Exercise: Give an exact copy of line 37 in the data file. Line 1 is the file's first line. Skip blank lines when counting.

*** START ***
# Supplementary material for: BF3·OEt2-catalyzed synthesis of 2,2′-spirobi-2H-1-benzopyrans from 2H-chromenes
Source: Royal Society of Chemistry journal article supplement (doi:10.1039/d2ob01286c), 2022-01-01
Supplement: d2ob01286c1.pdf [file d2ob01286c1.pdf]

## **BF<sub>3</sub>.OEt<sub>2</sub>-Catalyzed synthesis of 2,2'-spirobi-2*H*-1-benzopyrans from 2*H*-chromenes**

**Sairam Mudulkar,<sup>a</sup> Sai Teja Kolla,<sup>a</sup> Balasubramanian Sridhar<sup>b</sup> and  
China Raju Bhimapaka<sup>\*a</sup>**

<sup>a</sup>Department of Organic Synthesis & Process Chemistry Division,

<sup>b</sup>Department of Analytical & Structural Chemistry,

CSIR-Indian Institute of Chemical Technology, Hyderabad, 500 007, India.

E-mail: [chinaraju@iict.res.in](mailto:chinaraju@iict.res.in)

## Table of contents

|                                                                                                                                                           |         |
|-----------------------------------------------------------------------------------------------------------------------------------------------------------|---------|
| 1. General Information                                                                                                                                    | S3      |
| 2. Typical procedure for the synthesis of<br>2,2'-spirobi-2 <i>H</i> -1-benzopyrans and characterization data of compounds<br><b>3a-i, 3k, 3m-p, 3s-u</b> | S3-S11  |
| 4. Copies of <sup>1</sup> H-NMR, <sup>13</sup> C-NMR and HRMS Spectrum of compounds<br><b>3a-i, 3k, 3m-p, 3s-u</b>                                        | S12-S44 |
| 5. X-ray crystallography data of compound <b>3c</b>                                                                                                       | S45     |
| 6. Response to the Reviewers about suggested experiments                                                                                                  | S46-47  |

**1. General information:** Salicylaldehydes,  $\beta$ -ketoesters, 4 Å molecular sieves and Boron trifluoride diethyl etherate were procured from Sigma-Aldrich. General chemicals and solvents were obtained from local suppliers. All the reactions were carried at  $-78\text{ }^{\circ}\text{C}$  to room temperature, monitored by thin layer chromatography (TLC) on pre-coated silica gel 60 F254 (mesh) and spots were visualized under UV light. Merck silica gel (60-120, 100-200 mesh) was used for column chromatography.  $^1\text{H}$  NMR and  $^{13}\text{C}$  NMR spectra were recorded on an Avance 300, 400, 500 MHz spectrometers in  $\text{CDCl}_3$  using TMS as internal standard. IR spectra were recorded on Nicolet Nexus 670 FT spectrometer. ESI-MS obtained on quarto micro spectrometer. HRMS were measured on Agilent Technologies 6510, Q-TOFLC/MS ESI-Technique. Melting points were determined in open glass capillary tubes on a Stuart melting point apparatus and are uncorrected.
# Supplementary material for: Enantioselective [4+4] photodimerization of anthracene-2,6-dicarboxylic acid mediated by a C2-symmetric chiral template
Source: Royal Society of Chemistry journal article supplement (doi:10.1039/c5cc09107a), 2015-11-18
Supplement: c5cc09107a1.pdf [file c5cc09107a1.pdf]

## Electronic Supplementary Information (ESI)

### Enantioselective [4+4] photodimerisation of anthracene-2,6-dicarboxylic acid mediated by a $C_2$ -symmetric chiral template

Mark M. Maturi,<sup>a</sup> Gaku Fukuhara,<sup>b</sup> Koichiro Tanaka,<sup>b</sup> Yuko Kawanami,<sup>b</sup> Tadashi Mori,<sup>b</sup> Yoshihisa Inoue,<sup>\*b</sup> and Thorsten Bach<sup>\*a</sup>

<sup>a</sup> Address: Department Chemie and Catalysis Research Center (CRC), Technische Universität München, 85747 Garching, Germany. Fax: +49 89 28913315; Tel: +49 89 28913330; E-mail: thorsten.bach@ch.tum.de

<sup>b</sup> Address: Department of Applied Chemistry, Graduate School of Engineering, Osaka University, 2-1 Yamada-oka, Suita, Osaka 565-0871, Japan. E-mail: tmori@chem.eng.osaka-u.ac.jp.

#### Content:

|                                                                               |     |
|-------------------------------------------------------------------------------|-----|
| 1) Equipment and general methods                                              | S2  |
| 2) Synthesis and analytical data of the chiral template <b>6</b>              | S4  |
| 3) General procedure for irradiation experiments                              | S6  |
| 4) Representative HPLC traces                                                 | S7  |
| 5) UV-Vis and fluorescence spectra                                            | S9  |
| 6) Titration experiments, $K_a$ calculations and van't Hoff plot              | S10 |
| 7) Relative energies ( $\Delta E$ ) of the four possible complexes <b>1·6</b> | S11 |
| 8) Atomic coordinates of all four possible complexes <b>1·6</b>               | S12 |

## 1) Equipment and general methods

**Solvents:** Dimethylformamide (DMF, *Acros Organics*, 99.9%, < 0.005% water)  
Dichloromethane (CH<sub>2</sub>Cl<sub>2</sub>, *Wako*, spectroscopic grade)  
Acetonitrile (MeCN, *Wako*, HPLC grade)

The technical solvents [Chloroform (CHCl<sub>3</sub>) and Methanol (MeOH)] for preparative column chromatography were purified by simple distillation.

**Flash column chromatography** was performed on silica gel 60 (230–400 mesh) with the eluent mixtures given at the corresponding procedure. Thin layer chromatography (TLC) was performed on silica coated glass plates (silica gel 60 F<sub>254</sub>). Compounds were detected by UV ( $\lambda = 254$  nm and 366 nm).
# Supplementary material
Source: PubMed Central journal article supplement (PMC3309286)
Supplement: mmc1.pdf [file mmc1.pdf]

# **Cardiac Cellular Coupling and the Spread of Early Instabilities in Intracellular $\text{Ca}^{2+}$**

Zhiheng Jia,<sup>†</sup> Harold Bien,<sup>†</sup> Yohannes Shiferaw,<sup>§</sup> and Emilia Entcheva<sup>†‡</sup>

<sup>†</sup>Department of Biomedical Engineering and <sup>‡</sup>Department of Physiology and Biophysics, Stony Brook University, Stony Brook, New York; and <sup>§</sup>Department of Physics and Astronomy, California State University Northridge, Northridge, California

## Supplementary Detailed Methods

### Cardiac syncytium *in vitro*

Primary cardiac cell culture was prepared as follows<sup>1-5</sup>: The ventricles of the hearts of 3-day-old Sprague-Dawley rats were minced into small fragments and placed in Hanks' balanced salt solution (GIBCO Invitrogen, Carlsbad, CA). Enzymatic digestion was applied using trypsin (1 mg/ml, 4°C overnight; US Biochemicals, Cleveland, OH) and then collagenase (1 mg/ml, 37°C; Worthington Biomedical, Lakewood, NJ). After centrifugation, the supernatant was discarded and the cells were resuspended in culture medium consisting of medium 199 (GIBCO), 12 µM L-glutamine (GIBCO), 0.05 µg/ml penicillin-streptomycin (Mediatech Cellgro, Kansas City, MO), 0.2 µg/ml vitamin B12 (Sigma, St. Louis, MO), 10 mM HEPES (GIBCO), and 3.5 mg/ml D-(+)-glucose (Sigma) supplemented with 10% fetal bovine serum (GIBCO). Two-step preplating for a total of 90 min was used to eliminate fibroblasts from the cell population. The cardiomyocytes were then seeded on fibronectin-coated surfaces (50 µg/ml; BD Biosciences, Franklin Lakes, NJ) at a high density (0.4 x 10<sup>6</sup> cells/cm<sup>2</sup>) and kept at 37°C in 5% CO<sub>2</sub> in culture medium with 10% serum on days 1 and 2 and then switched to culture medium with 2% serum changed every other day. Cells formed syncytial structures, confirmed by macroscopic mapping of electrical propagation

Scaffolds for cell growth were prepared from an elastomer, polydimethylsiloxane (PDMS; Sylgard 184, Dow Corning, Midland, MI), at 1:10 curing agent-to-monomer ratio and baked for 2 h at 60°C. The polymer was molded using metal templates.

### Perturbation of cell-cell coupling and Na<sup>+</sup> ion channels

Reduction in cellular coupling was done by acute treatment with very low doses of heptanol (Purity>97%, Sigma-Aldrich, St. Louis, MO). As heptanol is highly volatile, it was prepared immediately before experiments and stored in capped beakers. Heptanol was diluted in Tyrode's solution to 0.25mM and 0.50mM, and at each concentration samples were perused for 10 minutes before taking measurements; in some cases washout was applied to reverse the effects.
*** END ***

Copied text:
| 7) Relative energies ( $\Delta E$ ) of the four possible complexes <b>1·6</b> | S11 |